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The Ever-Changing Climate of Book Reviewing

in Potpourri by

A good friend of mine (who started her career more or less at the same time) reminded me the other day how it used to be when a writer of literary fiction published a book. All the reviews would appear within a couple of weeks, and there were quite a few of them at that. I remember, for example, whenever I had a book out in the UK, it would get reviewed the day of publication, and often that same day, in several different places at once. Now, except for the most prominent of writers, the climate has changed. Due to declining revenues, the space for newspaper and magazine book reviews has considerably shrunk while the number of books published…

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Scotland Yard Detective Duo Take on Murder in Crombie’s ‘Garden of Lamentations’

in Fiction by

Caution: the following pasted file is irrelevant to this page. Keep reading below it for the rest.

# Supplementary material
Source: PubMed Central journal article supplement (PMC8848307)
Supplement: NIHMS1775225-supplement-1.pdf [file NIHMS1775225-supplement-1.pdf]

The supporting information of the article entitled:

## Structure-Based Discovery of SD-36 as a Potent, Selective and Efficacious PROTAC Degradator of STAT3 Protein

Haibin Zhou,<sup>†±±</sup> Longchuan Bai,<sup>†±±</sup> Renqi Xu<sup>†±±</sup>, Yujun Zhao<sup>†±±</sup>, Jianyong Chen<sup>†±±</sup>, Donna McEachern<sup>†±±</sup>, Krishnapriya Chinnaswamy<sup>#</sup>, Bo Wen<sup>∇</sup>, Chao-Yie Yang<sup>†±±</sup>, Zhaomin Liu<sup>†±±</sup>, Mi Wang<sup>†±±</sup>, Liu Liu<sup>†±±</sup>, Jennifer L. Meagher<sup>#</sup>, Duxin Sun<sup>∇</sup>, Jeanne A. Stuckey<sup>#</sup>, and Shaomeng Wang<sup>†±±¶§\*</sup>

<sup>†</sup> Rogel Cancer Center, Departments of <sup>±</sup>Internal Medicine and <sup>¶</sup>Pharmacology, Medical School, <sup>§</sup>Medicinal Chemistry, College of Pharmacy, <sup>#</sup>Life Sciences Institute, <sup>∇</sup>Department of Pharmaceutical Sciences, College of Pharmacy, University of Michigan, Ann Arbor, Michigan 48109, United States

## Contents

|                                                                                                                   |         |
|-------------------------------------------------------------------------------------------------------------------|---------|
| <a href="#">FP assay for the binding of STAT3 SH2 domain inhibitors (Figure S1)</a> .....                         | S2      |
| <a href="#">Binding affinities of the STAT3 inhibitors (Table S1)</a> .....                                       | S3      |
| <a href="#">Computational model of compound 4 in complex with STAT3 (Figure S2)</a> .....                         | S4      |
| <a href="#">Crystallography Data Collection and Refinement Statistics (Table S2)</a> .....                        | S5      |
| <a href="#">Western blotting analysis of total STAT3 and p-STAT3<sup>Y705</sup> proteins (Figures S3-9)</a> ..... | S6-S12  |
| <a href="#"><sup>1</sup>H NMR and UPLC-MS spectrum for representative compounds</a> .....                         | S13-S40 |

A new shipment from Texas transplant Deborah Crombie, brings another powerful thriller featuring the Scotland Yard detectives Duncan Kincaid and Gemma James. The most interesting aspect of Crombie’s novels, and this one (her 17th) does not fail to hit the high mark, lies in their characterizations. No two thriller writers write alike, but two schools stand out. One that accentuates plots and actions, while the other emphasizes characterization and, indirectly, intimacy. We travel through life with the protagonists outside of the investigation. We meet their families and evolve within their domestic spheres, their marriage, children, and personal problems. It goes without saying that this latter category makes for a different kind of reading and novel experience. Crombie is neither one…

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